You and I, the French yellow vests, the long-suffering Spanish unemployed, the ill-advised Bolsonaro voters in Brazil, the innumerable abused women of Latin America and Somalia, the underpaid teachers and health workers of the world, we are all being outmanoeuvred by companies that manage to avoid paying their fair share of taxes, (such as Google, Facebook, Apple, and Amazon) and by financial acrobats. It was the financial acrobats who brought down the global house of cards in 2008, trading in futures and shorts and whatnot, and they will do so again, because, basically, nothing has changed, because, basically, those who control the rules of the game DON’T WANT THINGS TO CHANGE, because, basically, they are inevitably the ones to win. This is not just a matter for France or the US. This is a global trend and it applies, I suspect, even to Russia, China and Iran.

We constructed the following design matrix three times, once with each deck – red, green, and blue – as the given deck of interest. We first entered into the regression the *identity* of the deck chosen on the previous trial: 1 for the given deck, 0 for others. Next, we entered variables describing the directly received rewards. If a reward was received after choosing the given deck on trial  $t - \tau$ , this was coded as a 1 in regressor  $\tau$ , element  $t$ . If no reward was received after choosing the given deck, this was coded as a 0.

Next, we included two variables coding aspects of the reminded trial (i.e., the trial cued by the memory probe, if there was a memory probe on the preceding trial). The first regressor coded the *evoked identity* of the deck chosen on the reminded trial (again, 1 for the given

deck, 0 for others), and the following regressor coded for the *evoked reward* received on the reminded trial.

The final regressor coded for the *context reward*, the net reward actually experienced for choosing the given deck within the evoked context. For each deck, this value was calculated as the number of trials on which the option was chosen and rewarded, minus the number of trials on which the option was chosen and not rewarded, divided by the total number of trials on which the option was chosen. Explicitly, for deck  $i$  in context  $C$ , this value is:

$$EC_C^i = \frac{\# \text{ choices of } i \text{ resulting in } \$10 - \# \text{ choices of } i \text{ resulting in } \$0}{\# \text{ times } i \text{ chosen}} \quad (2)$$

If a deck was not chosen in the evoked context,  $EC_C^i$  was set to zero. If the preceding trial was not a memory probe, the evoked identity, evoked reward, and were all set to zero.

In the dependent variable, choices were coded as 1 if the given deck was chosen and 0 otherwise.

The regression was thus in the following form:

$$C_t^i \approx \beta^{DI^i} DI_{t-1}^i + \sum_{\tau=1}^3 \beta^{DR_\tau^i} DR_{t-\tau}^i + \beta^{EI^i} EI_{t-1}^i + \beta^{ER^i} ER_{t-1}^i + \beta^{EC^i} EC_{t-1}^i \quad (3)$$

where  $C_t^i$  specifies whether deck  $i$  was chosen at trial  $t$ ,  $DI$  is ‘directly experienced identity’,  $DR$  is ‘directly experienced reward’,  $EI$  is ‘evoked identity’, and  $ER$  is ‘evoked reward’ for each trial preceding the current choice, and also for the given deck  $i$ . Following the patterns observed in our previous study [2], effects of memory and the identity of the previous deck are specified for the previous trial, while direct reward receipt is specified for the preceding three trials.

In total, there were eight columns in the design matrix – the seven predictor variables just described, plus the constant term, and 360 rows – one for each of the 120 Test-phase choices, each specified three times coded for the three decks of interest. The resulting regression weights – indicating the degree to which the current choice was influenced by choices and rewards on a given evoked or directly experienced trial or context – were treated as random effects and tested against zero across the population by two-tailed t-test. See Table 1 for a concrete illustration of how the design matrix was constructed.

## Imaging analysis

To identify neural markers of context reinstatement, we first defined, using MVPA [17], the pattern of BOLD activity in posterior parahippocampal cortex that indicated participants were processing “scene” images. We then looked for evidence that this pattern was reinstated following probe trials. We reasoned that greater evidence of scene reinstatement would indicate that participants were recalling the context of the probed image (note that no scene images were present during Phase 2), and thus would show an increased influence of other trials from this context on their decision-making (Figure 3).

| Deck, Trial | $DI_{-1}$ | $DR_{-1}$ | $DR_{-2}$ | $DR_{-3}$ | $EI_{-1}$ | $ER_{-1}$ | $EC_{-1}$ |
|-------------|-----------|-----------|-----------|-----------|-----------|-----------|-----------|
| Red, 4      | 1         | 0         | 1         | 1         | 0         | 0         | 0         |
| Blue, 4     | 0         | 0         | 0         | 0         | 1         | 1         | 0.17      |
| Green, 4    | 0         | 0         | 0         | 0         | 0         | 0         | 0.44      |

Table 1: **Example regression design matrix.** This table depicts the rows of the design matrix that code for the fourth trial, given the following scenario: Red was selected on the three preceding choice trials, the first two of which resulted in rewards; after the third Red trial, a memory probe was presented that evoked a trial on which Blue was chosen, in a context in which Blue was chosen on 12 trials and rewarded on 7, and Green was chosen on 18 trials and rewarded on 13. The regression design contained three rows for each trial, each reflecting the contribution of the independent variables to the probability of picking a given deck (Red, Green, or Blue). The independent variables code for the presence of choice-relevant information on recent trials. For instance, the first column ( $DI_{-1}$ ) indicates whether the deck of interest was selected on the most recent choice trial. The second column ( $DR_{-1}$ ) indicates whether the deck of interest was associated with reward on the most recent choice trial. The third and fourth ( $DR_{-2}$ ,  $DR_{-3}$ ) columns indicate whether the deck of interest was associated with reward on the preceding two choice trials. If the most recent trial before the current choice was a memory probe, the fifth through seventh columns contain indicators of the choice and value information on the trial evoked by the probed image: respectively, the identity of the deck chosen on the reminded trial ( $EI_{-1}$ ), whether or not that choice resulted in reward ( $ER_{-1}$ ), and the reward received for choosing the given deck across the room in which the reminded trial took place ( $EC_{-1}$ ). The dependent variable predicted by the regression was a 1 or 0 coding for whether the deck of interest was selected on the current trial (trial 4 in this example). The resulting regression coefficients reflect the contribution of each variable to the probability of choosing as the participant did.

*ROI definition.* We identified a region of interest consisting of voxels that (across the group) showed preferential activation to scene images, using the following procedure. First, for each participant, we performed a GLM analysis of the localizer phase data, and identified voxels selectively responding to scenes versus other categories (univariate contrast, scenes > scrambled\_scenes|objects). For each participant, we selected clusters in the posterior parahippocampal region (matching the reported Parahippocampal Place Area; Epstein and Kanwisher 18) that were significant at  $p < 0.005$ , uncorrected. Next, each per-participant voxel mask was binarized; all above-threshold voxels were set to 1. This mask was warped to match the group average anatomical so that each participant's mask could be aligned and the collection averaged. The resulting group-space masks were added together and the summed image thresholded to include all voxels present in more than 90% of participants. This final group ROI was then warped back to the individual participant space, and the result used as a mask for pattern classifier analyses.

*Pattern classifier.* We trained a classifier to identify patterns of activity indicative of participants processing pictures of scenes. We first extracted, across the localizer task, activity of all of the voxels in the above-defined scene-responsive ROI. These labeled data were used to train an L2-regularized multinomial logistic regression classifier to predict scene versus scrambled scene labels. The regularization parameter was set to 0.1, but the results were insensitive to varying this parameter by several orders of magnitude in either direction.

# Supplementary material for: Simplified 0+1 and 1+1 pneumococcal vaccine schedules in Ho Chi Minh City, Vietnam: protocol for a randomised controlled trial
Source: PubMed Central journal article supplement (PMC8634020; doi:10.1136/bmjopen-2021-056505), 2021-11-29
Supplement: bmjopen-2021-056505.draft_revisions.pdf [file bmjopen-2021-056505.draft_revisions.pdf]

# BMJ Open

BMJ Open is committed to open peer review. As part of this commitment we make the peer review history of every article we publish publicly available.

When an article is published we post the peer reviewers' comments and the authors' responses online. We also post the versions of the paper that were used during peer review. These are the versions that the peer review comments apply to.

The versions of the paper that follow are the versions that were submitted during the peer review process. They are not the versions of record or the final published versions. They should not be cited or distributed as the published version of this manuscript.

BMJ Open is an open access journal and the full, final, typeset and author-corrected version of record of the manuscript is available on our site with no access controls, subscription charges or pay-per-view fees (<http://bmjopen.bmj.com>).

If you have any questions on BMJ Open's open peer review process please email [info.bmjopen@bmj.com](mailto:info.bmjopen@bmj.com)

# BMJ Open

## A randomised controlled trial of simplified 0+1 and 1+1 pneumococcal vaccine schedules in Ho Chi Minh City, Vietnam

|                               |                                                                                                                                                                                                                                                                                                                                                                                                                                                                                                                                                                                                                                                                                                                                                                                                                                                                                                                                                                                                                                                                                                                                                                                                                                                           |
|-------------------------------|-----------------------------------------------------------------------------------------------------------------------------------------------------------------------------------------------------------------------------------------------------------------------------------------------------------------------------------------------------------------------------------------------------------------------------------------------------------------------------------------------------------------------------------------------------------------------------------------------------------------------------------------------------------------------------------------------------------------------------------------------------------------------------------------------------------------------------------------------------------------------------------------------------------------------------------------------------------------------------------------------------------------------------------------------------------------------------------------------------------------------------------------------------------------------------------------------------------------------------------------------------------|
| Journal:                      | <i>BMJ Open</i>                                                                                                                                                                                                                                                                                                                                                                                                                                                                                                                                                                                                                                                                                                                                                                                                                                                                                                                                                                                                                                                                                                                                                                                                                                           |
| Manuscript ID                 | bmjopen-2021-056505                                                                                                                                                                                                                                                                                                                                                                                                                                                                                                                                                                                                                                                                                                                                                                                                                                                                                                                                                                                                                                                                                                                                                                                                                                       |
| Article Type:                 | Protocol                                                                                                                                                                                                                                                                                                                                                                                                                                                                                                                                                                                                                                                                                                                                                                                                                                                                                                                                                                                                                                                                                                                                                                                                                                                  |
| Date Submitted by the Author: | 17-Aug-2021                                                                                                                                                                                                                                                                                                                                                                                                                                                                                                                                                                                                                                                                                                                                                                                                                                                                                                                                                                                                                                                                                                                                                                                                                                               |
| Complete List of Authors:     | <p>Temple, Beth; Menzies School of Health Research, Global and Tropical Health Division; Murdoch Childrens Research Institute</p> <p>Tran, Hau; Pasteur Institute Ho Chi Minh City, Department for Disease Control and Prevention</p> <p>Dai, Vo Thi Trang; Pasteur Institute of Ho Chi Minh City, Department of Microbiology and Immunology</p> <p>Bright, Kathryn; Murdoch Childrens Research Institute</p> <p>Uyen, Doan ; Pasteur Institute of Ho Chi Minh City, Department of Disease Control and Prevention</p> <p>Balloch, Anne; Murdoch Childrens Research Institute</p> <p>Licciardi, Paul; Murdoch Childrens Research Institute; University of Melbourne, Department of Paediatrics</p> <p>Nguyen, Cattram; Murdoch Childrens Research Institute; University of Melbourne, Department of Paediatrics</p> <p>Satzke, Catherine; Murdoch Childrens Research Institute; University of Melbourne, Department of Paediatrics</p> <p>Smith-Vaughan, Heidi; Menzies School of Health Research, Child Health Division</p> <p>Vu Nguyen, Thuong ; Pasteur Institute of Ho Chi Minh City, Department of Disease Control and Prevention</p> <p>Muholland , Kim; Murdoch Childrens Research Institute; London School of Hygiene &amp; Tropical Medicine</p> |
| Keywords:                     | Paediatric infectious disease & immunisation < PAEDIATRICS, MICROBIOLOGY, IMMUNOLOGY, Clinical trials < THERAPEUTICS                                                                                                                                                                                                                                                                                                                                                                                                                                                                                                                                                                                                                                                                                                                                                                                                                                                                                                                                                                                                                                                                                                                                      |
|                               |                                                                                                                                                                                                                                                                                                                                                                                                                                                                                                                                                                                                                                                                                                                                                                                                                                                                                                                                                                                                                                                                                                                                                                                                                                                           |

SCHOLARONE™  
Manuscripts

In the December issue of Le Monde Diplomatique, Secretary General of Amnesty International Kumi Naidoo stresses that human rights are not just a matter of legal rights and freedom of speech. Economic and social rights are equally important. Kumi Naidoo apologises on behalf of the organisation for having so long delayed in understanding that one of the most important reasons why we need the one is to defend the other. I was very glad to see that apology!

What can the French president do? If he raises taxes on big business, he will be out of work tomorrow. He cannot possibly do anything about tax avoidance, because then companies will simply leave the country. There are plenty of other countries. It’s all interlocked, as Kumi Naidoo pointed out in his article celebrating the 70th anniversary of the Universal Declaration of Human Rights, today, 10 December.